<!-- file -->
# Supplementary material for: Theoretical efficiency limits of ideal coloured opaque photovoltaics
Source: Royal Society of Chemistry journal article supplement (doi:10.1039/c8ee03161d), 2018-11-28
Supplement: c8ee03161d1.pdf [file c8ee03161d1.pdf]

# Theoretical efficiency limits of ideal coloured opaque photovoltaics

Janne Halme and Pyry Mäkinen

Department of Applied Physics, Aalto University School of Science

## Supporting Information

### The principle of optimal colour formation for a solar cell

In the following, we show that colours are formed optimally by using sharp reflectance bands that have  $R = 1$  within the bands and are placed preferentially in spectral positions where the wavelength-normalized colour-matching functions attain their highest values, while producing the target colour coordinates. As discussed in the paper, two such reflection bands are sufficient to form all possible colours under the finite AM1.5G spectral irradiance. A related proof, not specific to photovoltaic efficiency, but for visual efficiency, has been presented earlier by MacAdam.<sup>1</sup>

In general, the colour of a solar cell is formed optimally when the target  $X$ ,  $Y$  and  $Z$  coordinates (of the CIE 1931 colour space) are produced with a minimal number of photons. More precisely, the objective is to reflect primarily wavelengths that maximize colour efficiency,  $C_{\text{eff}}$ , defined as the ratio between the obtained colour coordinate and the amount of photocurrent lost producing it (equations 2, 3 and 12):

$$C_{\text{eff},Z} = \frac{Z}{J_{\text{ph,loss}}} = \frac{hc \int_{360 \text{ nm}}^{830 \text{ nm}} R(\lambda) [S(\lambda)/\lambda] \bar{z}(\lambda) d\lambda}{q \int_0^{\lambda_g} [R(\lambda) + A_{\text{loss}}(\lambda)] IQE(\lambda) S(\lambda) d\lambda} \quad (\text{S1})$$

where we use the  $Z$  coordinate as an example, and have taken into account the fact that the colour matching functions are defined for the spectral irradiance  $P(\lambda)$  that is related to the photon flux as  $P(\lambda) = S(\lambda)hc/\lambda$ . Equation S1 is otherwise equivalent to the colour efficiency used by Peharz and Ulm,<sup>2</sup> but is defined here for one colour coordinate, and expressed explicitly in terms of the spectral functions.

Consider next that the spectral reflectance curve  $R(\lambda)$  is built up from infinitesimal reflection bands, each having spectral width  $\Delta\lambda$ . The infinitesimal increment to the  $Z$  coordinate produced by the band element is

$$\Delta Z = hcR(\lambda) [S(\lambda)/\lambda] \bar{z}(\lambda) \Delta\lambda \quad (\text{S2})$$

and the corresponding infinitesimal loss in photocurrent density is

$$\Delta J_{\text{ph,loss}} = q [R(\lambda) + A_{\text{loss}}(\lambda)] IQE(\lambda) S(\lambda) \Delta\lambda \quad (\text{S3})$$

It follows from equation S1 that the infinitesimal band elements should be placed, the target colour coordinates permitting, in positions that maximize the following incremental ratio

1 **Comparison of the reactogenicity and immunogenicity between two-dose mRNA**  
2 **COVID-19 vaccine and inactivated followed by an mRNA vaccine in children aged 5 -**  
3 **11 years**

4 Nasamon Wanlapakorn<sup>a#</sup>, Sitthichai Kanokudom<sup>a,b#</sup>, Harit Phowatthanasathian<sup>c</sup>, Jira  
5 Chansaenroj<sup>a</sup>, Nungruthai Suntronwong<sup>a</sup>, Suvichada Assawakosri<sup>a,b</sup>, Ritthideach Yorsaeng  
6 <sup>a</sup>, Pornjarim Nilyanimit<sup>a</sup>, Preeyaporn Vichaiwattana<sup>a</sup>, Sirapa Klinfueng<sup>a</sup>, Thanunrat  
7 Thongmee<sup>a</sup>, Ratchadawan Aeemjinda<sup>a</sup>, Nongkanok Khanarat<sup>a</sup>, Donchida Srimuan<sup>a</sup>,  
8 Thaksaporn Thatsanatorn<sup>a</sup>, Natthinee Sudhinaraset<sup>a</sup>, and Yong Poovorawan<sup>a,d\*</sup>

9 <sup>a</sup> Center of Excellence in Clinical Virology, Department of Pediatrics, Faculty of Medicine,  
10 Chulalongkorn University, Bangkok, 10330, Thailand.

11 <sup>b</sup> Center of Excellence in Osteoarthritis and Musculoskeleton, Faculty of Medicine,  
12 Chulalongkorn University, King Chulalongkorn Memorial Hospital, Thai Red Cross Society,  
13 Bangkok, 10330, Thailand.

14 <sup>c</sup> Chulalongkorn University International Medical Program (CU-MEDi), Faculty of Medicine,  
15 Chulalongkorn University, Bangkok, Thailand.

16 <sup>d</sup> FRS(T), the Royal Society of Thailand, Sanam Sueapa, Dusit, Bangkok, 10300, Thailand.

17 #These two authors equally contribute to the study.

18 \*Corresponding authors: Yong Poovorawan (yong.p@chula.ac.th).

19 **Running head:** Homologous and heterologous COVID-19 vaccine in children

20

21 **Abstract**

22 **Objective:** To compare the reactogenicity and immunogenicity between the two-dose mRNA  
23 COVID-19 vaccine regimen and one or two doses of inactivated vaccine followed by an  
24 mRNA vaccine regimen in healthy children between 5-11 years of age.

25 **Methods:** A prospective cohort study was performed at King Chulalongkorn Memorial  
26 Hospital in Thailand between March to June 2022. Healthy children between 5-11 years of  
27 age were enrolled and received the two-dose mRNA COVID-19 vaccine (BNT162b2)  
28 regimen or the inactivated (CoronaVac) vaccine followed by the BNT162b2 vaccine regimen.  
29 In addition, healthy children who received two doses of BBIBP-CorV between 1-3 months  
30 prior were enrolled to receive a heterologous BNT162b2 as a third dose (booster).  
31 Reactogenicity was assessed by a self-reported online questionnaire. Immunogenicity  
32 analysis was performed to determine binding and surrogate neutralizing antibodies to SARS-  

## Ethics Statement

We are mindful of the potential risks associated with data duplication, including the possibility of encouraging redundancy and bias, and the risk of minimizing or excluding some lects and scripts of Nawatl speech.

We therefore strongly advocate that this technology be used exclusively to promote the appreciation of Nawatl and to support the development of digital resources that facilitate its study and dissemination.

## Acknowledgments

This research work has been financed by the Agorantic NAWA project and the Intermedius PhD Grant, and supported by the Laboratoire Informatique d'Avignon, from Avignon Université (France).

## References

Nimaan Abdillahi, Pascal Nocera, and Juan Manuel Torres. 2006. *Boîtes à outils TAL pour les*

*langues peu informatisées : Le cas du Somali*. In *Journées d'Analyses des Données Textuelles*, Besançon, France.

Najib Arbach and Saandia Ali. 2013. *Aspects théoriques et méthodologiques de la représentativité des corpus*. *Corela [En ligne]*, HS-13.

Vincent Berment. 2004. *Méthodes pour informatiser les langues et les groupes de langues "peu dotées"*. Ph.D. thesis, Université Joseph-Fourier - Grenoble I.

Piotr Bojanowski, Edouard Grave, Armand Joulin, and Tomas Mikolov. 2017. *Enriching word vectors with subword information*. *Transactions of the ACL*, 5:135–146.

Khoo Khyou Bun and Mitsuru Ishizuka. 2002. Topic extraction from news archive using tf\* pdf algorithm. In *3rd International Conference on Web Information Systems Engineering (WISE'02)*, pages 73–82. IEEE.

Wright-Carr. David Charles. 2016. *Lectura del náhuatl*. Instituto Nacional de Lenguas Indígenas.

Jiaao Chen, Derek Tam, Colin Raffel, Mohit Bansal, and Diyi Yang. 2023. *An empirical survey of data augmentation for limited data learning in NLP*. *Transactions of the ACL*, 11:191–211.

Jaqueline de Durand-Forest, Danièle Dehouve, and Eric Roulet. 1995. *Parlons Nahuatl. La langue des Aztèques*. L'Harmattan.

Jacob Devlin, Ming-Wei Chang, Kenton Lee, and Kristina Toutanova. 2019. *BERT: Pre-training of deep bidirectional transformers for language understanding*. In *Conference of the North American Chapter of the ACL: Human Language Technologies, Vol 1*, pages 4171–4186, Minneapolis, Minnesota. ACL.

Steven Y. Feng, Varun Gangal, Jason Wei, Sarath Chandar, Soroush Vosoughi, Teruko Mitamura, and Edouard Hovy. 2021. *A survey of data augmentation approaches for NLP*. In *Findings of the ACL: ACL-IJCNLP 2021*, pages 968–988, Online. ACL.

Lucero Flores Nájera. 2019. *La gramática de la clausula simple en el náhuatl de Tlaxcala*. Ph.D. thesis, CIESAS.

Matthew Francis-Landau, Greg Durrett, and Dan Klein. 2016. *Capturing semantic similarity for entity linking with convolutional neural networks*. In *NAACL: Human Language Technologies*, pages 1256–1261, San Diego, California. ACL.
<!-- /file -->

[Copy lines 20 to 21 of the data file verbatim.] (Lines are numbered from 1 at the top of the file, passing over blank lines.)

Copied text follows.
3 **11 years**

4 Nasamon Wanlapakorn<sup>a#</sup>, Sitthichai Kanokudom<sup>a,b#</sup>, Harit Phowatthanasathian<sup>c</sup>, Jira  